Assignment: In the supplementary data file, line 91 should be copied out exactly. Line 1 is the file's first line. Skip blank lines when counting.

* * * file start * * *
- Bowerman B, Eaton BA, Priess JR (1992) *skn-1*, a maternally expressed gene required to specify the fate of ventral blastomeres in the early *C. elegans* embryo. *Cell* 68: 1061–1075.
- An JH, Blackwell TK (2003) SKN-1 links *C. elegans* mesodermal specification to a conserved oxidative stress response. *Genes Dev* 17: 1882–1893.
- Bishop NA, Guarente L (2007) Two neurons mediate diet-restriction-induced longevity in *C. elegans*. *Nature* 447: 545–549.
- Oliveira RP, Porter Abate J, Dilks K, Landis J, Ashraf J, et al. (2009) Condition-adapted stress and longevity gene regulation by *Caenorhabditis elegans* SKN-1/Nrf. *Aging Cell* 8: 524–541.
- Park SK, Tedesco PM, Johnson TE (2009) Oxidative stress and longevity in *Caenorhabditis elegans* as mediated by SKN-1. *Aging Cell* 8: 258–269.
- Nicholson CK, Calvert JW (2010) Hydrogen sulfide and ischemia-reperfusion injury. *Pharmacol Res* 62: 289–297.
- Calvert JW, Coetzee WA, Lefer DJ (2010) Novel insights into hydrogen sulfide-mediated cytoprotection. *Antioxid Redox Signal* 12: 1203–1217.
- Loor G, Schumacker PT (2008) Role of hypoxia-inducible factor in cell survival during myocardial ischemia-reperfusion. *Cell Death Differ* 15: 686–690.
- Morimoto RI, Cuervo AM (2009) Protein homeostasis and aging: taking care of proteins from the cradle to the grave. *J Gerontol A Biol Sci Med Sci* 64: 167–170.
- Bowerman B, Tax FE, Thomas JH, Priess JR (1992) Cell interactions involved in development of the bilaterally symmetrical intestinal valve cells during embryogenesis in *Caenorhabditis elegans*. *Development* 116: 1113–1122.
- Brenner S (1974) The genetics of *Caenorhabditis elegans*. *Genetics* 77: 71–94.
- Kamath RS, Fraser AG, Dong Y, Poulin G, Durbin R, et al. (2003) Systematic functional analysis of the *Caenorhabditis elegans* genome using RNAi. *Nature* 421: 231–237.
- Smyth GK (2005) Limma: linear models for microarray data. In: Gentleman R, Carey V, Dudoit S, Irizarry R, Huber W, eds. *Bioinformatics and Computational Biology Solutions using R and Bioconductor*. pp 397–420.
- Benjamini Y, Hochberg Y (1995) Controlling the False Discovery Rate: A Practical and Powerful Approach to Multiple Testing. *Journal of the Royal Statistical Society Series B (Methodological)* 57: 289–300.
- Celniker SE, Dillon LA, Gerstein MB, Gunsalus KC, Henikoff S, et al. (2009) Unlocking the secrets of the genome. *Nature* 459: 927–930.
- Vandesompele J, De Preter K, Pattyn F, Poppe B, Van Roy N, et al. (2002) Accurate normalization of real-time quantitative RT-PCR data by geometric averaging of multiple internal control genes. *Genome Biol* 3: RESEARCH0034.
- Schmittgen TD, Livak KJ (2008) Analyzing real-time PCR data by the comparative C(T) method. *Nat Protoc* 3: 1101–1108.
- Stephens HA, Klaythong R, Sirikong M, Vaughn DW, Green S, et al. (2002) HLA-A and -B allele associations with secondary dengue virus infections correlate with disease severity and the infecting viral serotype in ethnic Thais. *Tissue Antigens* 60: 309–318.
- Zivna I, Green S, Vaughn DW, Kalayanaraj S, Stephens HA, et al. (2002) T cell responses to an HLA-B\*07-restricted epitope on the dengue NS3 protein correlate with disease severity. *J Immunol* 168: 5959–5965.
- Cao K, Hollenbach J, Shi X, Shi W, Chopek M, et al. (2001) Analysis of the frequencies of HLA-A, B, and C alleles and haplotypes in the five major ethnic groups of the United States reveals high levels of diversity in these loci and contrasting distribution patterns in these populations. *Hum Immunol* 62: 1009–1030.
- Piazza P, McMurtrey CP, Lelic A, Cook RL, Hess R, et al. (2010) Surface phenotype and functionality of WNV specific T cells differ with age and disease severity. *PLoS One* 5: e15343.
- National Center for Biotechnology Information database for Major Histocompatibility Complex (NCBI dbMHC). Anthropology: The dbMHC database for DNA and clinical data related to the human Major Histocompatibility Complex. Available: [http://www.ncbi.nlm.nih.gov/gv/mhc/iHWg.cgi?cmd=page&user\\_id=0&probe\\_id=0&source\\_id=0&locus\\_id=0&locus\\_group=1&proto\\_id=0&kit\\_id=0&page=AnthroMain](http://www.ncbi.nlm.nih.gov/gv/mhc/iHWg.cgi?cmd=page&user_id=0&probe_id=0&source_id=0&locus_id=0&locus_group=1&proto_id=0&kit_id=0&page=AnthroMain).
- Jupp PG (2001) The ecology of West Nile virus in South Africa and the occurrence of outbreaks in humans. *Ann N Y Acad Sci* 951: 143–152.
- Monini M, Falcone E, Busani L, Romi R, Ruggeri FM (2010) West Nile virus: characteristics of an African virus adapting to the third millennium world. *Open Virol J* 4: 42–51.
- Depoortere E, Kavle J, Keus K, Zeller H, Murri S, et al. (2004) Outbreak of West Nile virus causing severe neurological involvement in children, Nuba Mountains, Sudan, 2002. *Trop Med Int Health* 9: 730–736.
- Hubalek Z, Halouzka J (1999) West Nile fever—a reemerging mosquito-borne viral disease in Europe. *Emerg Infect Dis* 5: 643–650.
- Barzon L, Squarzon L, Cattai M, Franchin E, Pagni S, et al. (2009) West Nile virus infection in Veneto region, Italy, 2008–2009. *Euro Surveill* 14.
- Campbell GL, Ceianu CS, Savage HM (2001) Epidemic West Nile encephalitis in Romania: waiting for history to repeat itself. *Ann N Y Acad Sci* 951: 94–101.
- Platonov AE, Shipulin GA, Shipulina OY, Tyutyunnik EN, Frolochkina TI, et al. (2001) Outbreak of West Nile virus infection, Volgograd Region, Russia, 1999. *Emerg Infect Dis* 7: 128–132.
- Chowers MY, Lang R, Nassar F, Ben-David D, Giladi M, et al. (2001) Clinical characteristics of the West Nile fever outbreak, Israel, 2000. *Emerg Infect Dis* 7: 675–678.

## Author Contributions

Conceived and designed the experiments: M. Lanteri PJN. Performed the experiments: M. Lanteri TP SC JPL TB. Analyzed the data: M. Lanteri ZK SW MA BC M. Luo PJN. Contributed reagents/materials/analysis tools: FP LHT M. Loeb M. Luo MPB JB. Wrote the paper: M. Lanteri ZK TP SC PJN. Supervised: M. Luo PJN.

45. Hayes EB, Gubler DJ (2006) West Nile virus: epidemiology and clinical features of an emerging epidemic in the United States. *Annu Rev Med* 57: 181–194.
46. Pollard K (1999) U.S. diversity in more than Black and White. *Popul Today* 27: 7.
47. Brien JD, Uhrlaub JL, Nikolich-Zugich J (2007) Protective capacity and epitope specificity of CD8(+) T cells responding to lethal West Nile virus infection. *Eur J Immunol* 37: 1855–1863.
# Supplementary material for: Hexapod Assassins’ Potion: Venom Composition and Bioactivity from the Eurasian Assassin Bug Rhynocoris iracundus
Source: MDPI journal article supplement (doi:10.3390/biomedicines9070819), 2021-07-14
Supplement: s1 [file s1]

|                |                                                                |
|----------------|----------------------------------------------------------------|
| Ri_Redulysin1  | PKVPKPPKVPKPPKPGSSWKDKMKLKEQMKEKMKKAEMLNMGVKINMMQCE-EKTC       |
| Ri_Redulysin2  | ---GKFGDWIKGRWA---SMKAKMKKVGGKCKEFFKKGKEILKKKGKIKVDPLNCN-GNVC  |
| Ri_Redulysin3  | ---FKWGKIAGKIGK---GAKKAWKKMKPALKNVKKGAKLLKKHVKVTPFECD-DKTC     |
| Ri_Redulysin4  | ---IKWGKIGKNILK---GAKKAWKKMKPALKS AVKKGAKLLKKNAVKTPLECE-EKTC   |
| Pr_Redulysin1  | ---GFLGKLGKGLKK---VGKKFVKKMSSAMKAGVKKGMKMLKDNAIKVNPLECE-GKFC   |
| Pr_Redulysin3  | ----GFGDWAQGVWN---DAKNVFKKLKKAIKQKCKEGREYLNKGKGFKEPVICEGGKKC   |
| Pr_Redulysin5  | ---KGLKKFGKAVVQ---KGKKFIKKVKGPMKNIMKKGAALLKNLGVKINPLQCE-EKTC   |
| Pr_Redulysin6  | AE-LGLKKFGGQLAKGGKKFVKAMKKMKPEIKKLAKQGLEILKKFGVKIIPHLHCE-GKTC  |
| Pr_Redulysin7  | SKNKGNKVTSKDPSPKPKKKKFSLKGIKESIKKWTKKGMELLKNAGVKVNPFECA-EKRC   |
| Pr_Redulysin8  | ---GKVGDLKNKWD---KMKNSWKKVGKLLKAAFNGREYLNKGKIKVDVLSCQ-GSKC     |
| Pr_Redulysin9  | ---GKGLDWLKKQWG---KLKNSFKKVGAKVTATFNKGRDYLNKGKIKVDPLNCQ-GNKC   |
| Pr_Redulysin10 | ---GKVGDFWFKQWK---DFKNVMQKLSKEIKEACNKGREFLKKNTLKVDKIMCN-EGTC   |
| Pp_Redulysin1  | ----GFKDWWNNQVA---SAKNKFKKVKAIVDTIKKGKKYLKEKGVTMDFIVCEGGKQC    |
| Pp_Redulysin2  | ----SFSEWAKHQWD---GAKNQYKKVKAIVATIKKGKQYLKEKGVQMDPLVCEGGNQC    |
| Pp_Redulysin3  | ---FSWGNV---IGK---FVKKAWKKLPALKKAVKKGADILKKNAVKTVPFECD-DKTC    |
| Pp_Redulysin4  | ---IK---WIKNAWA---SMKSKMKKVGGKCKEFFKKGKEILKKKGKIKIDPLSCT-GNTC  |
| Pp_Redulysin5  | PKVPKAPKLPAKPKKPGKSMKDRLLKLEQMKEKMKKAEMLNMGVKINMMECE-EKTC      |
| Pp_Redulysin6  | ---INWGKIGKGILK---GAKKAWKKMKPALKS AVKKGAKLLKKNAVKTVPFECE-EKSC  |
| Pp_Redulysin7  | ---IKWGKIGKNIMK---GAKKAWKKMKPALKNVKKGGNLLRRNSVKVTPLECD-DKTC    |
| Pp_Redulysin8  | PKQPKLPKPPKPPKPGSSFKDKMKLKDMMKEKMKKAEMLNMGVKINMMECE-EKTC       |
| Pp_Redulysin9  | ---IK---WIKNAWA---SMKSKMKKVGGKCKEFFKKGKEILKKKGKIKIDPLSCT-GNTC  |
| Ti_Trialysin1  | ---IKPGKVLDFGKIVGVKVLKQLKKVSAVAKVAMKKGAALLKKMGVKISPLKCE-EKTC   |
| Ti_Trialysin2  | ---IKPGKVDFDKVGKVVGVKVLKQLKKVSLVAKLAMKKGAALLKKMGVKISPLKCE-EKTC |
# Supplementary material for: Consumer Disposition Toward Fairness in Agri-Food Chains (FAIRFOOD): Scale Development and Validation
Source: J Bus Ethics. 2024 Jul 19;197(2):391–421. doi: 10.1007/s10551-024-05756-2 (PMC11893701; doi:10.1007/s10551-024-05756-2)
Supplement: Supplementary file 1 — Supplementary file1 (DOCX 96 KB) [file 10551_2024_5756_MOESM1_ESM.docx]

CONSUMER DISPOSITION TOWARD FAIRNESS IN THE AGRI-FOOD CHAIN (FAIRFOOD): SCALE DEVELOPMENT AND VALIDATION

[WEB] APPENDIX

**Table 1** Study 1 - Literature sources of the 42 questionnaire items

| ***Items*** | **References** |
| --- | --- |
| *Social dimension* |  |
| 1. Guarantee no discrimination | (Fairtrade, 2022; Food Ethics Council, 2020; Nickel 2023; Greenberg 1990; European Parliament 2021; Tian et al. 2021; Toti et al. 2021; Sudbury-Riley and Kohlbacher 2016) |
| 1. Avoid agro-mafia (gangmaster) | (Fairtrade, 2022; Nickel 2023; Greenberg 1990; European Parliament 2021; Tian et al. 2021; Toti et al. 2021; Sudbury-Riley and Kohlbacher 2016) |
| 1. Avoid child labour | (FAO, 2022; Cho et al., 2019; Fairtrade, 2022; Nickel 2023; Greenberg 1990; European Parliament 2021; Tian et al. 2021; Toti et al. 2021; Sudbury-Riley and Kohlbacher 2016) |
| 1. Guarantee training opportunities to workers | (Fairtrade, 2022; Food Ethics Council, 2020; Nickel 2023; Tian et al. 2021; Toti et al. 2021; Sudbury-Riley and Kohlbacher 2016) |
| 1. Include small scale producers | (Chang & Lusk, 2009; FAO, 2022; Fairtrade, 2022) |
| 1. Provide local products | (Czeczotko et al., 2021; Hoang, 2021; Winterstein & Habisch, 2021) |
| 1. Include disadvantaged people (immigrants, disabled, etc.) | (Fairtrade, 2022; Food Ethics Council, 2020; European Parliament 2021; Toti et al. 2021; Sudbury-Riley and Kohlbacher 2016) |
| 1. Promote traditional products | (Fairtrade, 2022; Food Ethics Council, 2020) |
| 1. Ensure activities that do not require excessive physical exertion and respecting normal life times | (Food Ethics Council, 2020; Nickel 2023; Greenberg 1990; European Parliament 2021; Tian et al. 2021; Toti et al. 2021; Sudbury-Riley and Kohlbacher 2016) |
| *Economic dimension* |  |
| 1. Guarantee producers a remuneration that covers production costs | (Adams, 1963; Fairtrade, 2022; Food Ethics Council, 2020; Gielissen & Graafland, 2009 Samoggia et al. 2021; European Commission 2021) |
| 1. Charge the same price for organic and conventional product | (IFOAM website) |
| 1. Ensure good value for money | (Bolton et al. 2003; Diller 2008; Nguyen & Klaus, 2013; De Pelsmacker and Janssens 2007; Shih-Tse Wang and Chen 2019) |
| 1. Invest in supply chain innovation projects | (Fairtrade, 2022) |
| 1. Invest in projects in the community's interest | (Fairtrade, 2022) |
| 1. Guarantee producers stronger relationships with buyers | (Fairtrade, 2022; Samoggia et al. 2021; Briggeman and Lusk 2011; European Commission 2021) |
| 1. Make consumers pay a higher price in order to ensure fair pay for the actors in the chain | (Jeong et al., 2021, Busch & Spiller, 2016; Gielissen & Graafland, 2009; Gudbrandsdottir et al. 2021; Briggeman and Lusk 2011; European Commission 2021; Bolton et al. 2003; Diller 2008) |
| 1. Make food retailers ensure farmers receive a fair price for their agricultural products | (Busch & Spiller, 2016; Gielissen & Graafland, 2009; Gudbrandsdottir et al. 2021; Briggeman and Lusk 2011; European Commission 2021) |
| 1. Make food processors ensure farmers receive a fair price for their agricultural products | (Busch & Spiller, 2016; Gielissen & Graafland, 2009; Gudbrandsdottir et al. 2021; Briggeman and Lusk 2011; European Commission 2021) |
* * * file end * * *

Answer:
| 1. Make food processors ensure farmers receive a fair price for their agricultural products | (Busch & Spiller, 2016; Gielissen & Graafland, 2009; Gudbrandsdottir et al. 2021; Briggeman and Lusk 2011; European Commission 2021) |